Today in honor of Ms. Helena Molony’s birthday, I give you the bit I wrote about her in my new book; Petticoats, Patriots, and Partition. She was a pretty awesome lady, and one of many that I celebrate in the first section of the book. I hope it tempts your curiosity about the rest of them too. If it does, the book is available worldwide through Amazon and nationally through Barnes and Noble, other bookstores, Amazon, and Blurb. Enjoy!!
At the turn of the 20th century in and around Dublin, the number of women who were breaking molds and changing lives was staggering. It’s astounding that they didn’t take over the world and it’s unforgivable that they aren’t as well known as the other leaders of the era. Helena Molony was one of those women and she is one of the most under-appreciated revolutionaries of all time.
Helena was about twenty when she was inspired by a Nationalist speech given by Maud Gonne. Maud was a powerful orator and a fiery suffragist who nurtured Helena’s growing dedication to Republicanism and the two became life long friends. Together they became integral members of Inghinidhe na hÉireann, Ireland’s first female Nationalist organization. By 1908, Helena had founded the only women’s political newspaper; Bean na hÉireann, whose expressed aim was “to be a women’s paper, advocating militancy, Irish separatism and feminism.“ It has been described as the women’s paper that all the men would secretly read. It included everything from weapons advice to cooking recipes and sewing tips. Helena also introduced both Kathleen Lynn and Constance Markievicz to Nationalism and the Republican cause. It’s hard to imagine the Easter Rising or Irish history in general without those women, but it could have played out that way if not for the persuasive determination of Helena Molony.
Once Helena gave herself to a cause, she never wavered. She threw herself head first into Republicanism. She learned how to handle weapons and recommended that all women learn how to shoot. She kept many revolvers in her house, including one that was always hidden under her pillow. Helena started a campaign to keep Irish girls away from British soldiers and she offered her home as a safe house on many occasions. Na Fianna Éireann’s Dublin chapter, a scouting program championed by Constance Markievicz, was founded in Helena’s home. In Molony’s spare time she acted on the stages in Dublin and took donations to feed children. She opened schools in the slums where no one else would and she helped gather support for families of prisoners. Molony eventually became the Secretary of the Irish Women’s Workers Union, and she worked closely with revolutionary leader James Connolly on many projects. She once helped him protect Liberty Hall by holding the police at gunpoint when they tried to raid without a warrant. Helena was a warrior and a truly capable woman.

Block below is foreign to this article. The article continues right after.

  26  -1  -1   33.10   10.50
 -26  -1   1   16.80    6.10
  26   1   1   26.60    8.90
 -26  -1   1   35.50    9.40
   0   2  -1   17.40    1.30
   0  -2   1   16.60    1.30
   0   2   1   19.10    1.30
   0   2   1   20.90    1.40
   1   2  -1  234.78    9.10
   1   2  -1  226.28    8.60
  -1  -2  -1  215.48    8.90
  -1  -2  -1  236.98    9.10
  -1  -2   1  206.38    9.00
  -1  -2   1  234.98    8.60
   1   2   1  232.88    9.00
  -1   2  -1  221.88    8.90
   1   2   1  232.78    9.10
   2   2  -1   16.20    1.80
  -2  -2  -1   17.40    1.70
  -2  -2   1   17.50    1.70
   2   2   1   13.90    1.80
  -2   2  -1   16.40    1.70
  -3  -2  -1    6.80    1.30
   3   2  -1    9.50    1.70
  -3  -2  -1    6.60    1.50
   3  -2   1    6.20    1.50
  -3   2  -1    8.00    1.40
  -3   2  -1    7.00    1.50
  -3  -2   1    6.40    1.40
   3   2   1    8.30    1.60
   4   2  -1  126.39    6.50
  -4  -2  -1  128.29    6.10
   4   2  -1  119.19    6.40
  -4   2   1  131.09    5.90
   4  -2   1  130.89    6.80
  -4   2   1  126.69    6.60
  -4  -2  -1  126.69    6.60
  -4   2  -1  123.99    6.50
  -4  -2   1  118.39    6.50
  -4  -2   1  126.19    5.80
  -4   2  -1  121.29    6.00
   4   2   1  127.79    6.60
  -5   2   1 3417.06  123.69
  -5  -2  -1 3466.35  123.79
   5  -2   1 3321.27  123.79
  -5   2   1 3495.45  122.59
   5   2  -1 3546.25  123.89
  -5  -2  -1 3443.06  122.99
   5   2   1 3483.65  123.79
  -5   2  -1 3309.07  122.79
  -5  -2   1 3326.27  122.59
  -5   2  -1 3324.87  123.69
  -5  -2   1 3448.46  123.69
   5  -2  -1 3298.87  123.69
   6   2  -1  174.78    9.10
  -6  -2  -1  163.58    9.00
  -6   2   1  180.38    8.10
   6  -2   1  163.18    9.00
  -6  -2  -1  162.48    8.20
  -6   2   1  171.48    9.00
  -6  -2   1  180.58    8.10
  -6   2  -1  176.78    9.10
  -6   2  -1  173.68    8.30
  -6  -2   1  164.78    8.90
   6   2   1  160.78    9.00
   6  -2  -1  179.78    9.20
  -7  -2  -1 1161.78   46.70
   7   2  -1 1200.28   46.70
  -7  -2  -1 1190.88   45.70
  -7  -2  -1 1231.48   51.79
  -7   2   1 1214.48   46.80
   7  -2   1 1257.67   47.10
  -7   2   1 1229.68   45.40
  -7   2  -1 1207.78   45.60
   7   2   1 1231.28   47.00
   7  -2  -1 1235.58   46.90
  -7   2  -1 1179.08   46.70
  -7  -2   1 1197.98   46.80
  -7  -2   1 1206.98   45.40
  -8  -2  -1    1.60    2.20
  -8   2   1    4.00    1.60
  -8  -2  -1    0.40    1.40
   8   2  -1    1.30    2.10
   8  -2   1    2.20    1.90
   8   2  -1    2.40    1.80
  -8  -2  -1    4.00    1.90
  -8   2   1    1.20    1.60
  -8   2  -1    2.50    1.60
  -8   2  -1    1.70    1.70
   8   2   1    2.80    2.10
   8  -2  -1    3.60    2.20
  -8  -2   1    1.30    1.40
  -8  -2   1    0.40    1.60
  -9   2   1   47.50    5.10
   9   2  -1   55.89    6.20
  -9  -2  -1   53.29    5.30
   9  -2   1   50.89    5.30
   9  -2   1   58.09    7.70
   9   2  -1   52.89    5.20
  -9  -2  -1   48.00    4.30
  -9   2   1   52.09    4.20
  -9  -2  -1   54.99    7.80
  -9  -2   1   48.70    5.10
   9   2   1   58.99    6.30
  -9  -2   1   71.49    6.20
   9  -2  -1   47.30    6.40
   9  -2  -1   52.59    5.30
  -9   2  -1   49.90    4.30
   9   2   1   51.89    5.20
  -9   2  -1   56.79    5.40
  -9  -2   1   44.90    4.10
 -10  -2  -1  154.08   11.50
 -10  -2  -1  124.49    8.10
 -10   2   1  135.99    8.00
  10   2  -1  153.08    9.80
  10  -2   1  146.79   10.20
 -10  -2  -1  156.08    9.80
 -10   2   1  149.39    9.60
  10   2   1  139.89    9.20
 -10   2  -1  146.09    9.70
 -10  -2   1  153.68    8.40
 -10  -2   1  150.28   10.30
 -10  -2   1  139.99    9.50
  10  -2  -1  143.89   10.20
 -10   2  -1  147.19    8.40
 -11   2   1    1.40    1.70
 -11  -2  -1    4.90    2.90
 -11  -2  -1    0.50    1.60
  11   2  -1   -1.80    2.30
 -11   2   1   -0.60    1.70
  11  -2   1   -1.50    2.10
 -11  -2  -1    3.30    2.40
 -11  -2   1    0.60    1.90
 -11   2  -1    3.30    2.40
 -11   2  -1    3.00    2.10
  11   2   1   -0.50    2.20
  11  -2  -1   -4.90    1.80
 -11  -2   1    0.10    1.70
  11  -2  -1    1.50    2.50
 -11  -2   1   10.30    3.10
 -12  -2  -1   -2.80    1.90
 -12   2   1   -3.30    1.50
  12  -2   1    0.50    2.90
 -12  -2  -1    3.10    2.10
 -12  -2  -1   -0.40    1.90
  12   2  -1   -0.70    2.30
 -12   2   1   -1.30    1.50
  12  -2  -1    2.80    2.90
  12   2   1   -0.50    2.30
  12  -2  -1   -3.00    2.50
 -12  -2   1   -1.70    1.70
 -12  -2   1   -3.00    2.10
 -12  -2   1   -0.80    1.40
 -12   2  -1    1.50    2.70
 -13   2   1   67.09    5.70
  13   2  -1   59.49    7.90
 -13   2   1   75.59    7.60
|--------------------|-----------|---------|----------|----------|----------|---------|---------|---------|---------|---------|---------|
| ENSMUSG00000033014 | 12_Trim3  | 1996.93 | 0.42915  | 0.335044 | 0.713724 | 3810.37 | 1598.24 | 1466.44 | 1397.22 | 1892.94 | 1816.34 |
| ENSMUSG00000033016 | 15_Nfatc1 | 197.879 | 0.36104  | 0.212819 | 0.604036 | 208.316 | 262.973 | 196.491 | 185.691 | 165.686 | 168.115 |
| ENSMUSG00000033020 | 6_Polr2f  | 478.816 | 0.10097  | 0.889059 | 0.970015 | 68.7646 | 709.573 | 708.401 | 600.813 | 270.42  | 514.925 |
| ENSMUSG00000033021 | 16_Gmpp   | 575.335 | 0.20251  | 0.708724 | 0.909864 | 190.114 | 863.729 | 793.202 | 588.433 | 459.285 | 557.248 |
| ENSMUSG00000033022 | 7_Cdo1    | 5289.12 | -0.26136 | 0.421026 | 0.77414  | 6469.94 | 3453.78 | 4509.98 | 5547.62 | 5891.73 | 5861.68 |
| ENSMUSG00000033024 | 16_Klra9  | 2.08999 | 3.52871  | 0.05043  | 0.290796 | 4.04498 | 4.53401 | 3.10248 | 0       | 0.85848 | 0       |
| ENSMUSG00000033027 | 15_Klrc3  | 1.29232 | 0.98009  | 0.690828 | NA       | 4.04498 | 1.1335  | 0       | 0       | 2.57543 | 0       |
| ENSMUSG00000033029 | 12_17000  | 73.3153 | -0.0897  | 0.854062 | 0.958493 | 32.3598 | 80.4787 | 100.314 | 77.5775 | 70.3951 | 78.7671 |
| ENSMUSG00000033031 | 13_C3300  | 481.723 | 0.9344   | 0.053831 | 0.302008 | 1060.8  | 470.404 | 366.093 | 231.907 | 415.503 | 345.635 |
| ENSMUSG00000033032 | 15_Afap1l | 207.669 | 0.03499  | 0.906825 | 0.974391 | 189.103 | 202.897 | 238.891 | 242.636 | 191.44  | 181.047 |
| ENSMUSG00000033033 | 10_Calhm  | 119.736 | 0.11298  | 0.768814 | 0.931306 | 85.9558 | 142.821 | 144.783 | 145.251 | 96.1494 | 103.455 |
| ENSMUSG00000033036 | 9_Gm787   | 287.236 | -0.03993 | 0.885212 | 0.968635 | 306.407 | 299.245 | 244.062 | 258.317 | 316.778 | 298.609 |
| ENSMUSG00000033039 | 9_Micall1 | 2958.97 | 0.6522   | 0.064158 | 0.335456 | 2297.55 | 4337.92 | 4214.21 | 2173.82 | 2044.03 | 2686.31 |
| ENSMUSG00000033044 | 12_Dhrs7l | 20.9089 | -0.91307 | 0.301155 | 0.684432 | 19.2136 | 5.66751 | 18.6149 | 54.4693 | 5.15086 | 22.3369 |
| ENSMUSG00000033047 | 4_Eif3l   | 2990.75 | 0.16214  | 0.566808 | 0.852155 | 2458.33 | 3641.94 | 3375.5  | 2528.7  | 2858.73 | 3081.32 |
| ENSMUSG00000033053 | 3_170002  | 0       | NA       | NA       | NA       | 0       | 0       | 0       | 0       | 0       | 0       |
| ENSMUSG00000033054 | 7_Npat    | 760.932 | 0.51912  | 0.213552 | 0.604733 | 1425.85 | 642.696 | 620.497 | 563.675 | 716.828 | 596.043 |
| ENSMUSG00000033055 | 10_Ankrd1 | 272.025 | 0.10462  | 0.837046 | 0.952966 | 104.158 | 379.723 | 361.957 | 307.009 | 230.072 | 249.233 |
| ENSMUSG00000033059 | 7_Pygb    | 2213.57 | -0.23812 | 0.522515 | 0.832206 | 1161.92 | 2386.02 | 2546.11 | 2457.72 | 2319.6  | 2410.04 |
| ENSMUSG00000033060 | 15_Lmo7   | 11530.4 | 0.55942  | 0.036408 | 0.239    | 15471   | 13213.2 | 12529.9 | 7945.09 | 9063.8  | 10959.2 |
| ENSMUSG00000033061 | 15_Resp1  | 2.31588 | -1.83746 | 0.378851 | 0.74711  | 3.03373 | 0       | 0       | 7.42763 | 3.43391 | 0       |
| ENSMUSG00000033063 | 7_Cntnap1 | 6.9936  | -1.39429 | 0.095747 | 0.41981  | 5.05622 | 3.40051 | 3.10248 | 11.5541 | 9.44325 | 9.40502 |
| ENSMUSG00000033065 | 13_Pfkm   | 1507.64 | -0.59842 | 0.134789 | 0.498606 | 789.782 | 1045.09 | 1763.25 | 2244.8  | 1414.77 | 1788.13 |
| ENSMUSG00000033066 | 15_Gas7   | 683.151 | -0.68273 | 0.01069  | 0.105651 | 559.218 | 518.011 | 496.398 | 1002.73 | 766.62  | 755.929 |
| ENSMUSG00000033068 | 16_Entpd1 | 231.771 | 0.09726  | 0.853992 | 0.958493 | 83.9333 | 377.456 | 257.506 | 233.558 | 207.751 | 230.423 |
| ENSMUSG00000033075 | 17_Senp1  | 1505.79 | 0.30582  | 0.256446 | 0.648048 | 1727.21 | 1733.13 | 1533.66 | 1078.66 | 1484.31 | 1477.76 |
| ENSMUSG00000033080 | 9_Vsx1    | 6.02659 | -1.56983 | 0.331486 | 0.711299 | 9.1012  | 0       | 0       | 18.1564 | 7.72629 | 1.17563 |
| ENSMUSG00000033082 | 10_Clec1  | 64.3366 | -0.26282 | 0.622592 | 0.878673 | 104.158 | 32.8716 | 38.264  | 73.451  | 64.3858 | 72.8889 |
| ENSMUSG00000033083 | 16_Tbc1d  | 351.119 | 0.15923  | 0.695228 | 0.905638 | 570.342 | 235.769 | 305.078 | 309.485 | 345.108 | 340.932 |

It should come as no surprise to learn that Helena was one of the women who fought in the Easter Rising. When her company’s position fell to the English, she was imprisoned in Dublin Castle. A few hours later when they went to question her, they found her cradling her bloody fingers, and the lock was half off the door. She was then moved to Kilmainham Gaol, where she again tried to escape by digging a tunnel through the thick stone walls with a tiny iron spoon. The attempt was not successful. One might think that Molony would want to destroy that jail after being held there so often, but years later when it was slated for demolition, Helena fought for it. She helped make it the historical gem it is today.
After Helena was released she assisted Countess Markievicz who had been appointed to the Ministry of Labour in the new Republican Government – the Dáil Éireann – and she served as a judge in their courts. Molony remained active in politics for many years, and became the second woman to hold the presidency of the Irish Trade Union Congress. No matter what else she achieved however, she always regarded the Easter Rising as the highlight of her life. Helena’s closest friends were the leaders and martyrs of the uprising, and she mourned and revered them for the rest of her days. She organized the first commemoration of the conflict, and she led other women in a wreath-laying ceremony before marching to the GPO in 1917. Helena’s wartime connections to the Irish Republican Army, her warrior past, and her support of socialism took a toll on her career. She stepped down (or was removed) from the Trade union in 1946, amid rumors of alcohol abuse, depression, and lesbianism. She left much of the public world behind shortly after her resignation.
Molony lived in relative poverty for the next twenty years or so, relying on friends for support and places to live. Her relationship with Evelyn O’Brien, who was her roommate until her death in 1967, always raised eyebrows. At other times in her life she was also linked romantically to Bulmer Hobson and Seán Connolly. Helena never claimed any sexual preference outright and did not seem to care or feel the need to clarify it when people whispered or gossiped about her. She just went on living her life, with whomever she chose.
Helena Molony passed away at the age of eighty-four. She is buried in the Republican Plot in Glasnevin Cemetery near some of her dearest friends. She most certainly deserves a bigger spotlight than she has received throughout the years for without her, history as we know it would have been forever changed. She was a leader of leaders, a woman who fought just as fiercely for Ireland as the men who get most of the credit, and a giant in her own right.
Beautiful. You’ve done such an honour to so many women who have been neglected by history (pun intended) and there are so many more.
I think there will be a sequel to your book in the near future.